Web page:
Microbeads are tiny pieces of plastic found in many health and beauty products, including soap and body scrubs.
On December 18, 2015, Congress amended the Federal Food, Drug and Cosmetic Act (FD&C Act) by passing the Microbead-Free Waters Act of 2015. Learn what the new law prohibits, why Congress passed this law, when it takes effect, and more.
What is the Microbead-Free Waters Act of 2015?
The Microbead-Free Waters Act of 2015 prohibits the manufacturing, packaging, and distribution of rinse-off cosmetics containing plastic microbeads.
This new law also applies to products that are both cosmetics and non-prescription (also called “over-the-counter" or "OTC") drugs, such as toothpastes.
Why did Congress pass this new law? Are there concerns about consumer safety?
Congress passed this law to address concerns about microbeads in the water supply. After you’ve scrubbed your face or brushed your teeth, the tiny plastic beads go down the drain. The concern is that microbeads may not be filtered through treatment filtration systems and end up in our lakes and oceans, where they may be mistaken for food by small fish and other wildlife.
The new law does not address consumer safety, and we do not have evidence suggesting that plastic microbeads, as used in cosmetics, pose a human health concern.
Several states have already banned products containing microbeads. Because the various state laws are different, Congress felt the need to have a single Federal law that would apply nationally.
How does the new law define a “plastic microbead”?
The new law defines the term “plastic microbead” as any solid plastic particle that is—
- 5 millimeters or less in size, and
- Intended to be used to exfoliate or cleanse the body or any part of the body.
What types of products are covered under the new law?
The law covers “rinse-off” cosmetics, including toothpaste, that contain intentionally added microbeads and are intended to exfoliate or cleanse the body.
When does the new law take effect?
The new law provides separate sets of deadlines for rinse-off cosmetics and for rinse-off cosmetics that are also non-prescription drugs.
- For rinse-off cosmetics:
- The deadline is July 1, 2017 to stop the manufacturing of the products described in the law.
- The deadline is July 1, 2018 to stop the introduction or delivery for introduction of these products into interstate commerce.
- For rinse-off cosmetics that are also non-prescription drugs:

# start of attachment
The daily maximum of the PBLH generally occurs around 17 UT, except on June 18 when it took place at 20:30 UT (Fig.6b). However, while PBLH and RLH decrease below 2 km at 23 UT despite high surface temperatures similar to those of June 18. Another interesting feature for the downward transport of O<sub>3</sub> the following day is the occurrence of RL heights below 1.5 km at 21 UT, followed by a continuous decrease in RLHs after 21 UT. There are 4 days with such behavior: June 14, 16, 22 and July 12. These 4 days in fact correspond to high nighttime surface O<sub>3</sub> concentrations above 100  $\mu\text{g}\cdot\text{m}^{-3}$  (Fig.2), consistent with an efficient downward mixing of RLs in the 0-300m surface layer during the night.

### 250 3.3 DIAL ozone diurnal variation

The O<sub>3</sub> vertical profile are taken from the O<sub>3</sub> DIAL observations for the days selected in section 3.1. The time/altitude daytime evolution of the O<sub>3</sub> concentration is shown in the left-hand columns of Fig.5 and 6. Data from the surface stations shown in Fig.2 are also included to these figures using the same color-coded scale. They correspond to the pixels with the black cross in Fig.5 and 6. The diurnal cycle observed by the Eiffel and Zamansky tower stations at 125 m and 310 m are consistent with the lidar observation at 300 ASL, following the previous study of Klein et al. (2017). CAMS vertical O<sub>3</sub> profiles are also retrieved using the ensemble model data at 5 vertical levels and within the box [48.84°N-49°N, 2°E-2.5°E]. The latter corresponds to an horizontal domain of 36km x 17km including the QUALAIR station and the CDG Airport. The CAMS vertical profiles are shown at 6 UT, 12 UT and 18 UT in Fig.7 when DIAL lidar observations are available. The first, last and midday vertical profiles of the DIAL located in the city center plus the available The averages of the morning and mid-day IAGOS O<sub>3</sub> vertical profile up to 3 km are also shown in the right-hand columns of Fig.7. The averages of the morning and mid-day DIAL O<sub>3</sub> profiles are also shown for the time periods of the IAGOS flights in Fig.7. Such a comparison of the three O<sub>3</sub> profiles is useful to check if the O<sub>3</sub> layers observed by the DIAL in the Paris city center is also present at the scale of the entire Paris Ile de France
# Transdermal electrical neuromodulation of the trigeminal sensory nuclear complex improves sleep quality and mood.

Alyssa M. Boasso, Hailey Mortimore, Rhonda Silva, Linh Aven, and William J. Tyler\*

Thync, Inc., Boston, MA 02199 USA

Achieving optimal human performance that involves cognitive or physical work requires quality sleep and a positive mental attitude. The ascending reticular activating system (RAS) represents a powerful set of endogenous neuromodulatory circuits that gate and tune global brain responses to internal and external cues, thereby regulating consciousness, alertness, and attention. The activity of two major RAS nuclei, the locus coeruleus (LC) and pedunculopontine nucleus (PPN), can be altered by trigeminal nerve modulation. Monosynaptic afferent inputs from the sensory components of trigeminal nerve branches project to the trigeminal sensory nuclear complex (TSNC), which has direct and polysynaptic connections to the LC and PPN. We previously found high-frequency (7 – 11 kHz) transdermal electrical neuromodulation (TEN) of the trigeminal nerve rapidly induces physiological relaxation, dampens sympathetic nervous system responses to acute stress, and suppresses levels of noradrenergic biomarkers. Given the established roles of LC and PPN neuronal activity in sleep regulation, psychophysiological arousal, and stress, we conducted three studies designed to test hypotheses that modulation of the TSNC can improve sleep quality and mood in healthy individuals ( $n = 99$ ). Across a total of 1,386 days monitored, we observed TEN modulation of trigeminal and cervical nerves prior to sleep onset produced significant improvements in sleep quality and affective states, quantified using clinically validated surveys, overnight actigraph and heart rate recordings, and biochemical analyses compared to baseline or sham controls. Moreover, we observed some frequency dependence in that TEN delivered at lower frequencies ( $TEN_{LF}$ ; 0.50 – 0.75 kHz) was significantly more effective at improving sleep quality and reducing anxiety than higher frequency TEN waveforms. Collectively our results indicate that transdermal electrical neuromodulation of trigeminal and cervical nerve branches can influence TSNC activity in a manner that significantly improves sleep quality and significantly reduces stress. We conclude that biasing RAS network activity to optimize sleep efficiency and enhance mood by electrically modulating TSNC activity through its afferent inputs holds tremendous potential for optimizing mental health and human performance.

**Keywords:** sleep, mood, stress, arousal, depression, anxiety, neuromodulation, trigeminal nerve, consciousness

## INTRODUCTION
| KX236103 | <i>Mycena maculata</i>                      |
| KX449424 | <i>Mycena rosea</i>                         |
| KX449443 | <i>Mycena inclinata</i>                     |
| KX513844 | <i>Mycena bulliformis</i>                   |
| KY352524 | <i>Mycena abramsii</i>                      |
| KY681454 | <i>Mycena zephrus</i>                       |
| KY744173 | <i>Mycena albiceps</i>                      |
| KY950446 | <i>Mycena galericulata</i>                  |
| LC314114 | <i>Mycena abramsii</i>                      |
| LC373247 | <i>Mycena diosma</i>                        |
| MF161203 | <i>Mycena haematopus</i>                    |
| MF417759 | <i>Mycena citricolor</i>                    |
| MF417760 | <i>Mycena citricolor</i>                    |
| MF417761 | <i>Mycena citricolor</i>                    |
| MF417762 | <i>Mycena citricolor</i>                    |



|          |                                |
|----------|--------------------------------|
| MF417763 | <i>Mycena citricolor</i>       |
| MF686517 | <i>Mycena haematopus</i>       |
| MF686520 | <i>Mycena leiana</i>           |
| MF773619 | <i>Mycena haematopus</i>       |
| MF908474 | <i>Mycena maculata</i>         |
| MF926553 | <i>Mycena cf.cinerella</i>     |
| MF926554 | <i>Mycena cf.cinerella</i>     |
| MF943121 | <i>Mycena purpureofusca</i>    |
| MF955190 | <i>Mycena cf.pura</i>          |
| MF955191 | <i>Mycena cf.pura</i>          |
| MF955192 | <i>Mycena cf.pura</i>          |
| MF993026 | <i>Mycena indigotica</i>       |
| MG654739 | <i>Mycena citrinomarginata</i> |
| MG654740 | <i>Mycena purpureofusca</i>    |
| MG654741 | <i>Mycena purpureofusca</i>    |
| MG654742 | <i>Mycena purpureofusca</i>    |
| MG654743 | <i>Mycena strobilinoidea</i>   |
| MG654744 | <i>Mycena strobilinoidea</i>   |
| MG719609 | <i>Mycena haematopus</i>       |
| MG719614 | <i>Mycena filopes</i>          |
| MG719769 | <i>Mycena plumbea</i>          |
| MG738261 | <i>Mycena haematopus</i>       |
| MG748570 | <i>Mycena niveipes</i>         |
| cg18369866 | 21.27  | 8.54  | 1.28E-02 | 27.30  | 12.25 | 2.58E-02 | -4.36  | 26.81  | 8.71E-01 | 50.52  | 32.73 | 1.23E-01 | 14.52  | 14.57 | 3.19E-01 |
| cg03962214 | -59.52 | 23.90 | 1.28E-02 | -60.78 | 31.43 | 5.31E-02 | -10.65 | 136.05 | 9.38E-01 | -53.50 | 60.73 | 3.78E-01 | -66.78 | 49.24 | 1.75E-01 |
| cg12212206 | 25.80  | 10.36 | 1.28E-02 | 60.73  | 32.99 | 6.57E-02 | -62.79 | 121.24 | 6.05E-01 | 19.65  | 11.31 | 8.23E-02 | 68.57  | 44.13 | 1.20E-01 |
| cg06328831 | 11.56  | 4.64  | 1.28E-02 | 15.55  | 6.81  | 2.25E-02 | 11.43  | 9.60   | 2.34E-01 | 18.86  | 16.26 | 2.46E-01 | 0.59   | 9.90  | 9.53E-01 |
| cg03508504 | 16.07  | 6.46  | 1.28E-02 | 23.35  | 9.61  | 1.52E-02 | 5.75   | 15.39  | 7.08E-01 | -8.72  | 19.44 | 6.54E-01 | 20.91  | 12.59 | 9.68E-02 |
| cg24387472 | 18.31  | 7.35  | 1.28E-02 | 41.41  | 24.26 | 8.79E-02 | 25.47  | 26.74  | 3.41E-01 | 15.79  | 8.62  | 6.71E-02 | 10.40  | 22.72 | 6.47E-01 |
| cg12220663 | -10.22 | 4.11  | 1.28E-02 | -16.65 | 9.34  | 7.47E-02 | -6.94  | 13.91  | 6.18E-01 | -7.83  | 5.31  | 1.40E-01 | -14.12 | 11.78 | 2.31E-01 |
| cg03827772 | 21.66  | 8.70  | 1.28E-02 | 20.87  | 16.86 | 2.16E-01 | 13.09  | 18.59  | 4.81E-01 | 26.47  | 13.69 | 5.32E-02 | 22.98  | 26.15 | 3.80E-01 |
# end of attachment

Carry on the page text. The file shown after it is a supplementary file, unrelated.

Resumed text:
- The deadline is July 1, 2018 to stop manufacturing the products described in the law.
- The deadline is July 1, 2019 to stop the introduction or delivery for introduction of these products into interstate commerce.
These deadlines are intended to give cosmetic and drug firms time to make any needed changes in formulations to eliminate plastic microbeads, and to give distributors and retailers time to sell their inventory of products containing plastic microbeads before the new law takes effect.
The new law provides an extra year for products that are both cosmetics and non-prescription drugs. This will provide companies with more time to perform required safety testing for their newly formulated products.
How does the new law affect state laws?
Under the new law, state or local authorities are not allowed to enact laws or continue to enforce laws that:
- restrict the manufacture of rinse-off cosmetics that contain plastic microbeads, or
- restrict the introduction or delivery of such products into interstate commerce,
unless the state or local restrictions are the same as those of the new federal law that have taken effect.
For more background on the intent of Congress in passing this law, see House Report 114-371 – Microbead-free Waters Act of 2015.
To learn more about microbeads in cosmetics and other plastics in the environment, see the following resources from the National Oceanic and Atmospheric Administration:
- Microbeads in Cosmetics
- The Search for Microplastics: From Face Scrubs to the Sea
- Plastics and Microplastics in the Marine Environment